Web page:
(RxWiki News) The safety of whooping cough vaccination during pregnancy can be a big concern for expecting moms and their doctors. But a new finding may help put that fear to rest.
A new study from the Centers for Disease Control and Prevention (CDC) found no increased risk of adverse health events or adverse birth outcomes among women who received the tetanus, diphtheria and acellular pertussis (Tdap) vaccine during pregnancy — regardless of tetanus-containing immunization in the five years prior.
"Our findings should reassure patients and clinicians who might be hesitant to give [the] Tdap vaccine to pregnant women who recently received a Tdap or other tetanus-containing vaccination," wrote lead study author Lakshmi Sukumaran, MD, MPH, a CDC pediatric infectious disease specialist, and colleagues.
Tetanus is a serious bacterial infection that affects the central nervous system, leading to painful muscle contractions, particularly in the jaw and neck muscles. In some cases, it can be deadly. Diphtheria is another serious bacterial infection that typically affects the mucous membranes of the nose and throat. This disease can lead to breathing problems, heart failure and paralysis.
Pertussis, also known as whooping cough, is a highly contagious bacterial infection marked by intense coughing fits.
The Tdap vaccine can protect adults and teens from these diseases. Babies and young children, however, can still be at risk of infection. This is because their first vaccines do not begin until 2 months of age and are not boosted until age 11 or 12.
Because infants are at a high risk for severe, life-threatening complications from pertussis, the US Advisory Committee on Immunization Practices (ACIP) recommends the Tdap for all pregnant women between the 27th and 36th week, regardless of prior immunization status.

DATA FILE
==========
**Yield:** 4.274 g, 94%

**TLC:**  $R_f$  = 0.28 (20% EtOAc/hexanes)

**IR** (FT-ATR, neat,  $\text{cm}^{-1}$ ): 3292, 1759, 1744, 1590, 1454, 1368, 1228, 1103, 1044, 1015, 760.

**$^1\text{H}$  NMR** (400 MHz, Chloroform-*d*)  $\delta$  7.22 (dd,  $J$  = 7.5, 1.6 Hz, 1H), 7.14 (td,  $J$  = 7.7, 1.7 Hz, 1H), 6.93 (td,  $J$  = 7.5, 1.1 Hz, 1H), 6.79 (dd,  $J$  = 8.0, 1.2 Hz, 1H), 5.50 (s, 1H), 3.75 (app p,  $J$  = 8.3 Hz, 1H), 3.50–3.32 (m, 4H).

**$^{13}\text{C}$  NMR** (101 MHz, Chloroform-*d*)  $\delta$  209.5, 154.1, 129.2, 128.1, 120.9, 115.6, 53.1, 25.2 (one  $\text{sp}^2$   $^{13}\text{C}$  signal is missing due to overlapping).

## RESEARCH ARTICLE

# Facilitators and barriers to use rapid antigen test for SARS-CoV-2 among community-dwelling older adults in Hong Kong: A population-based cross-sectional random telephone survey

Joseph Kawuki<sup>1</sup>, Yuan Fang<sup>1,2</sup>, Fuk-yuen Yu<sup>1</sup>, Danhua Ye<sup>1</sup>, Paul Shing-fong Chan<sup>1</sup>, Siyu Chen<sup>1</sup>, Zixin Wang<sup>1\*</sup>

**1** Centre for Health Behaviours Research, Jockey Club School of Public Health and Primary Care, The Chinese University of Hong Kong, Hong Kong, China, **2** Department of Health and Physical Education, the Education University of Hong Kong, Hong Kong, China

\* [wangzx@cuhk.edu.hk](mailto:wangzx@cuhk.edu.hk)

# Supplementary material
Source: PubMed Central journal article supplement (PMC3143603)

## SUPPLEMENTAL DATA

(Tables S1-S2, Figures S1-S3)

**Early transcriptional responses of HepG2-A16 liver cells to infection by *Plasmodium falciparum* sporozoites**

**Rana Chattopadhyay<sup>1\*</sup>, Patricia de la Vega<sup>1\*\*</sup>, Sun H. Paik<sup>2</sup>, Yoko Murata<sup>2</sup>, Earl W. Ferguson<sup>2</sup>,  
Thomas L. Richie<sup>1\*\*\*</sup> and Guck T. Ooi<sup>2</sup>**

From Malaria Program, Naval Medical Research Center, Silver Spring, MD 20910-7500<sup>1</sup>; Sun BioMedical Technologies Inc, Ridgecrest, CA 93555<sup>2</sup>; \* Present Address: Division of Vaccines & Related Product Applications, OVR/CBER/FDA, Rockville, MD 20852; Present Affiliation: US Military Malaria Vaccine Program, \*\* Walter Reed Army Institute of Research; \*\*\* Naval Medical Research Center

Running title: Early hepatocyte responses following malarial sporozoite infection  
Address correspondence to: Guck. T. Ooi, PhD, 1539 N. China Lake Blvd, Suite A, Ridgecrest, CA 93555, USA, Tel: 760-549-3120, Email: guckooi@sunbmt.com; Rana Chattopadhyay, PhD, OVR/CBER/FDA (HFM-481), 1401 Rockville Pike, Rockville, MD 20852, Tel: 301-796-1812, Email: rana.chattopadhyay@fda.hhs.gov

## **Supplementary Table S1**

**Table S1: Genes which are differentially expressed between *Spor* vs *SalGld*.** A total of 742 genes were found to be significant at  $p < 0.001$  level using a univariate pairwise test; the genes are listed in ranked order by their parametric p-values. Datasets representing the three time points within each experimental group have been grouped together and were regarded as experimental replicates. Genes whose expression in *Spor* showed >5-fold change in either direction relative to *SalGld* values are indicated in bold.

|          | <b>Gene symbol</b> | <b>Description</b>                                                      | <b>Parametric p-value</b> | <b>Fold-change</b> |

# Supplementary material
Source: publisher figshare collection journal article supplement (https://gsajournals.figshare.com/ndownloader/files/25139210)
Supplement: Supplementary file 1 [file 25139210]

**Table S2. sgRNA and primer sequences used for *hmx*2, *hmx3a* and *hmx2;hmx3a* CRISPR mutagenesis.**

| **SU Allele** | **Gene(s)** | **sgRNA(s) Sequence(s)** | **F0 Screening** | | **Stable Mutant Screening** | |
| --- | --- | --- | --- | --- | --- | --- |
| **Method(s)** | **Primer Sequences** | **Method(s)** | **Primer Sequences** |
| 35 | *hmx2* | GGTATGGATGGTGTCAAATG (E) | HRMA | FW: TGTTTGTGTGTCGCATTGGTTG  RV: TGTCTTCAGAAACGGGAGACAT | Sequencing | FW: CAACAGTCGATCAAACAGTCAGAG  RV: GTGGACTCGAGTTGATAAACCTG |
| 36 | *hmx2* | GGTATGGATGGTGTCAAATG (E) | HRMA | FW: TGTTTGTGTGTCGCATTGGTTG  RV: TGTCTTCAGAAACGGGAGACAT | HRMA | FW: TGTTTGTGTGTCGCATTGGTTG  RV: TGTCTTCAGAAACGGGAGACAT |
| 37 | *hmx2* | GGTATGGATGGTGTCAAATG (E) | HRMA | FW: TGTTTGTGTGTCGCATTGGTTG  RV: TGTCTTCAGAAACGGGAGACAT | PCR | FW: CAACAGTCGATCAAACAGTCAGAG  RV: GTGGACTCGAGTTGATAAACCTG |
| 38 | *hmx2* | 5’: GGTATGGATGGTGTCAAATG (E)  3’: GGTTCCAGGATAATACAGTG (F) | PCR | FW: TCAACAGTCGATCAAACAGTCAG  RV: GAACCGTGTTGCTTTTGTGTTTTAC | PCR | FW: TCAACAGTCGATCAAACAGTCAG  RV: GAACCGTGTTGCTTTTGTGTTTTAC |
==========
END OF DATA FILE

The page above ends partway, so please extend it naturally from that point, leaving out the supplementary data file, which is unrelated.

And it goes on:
However, according to these researchers, safety data on repeated Tdap vaccination in pregnancy was lacking.
For this study, Dr. Sukumaran and team used data from Vaccine Safety Datalink sites across the US to look at 29,155 pregnant women ages 14 to 49.
All of these woman had received a Tdap during pregnancy following a prior tetanus-containing vaccine less than two years before, between two and five years before or more than five years before the Tdap.
No significant differences in the rates of adverse health events in the mothers, such as fever, allergy or local reactions, were found among the three groups.
No significant differences in the rates of adverse birth outcomes, such as preterm delivery or low birth weight, were found.
According to Dr. Sukumaran and team, more research is needed to determine whether there are differences in other important adverse birth outcomes when Tdap is given during pregnancy following a prior tetanus-containing vaccine.
This study was published Oct. 20 in the journal JAMA.
The CDC and the National Institute of Allergy and Infectious Diseases funded this research. Several authors disclosed potential conflicts of interest.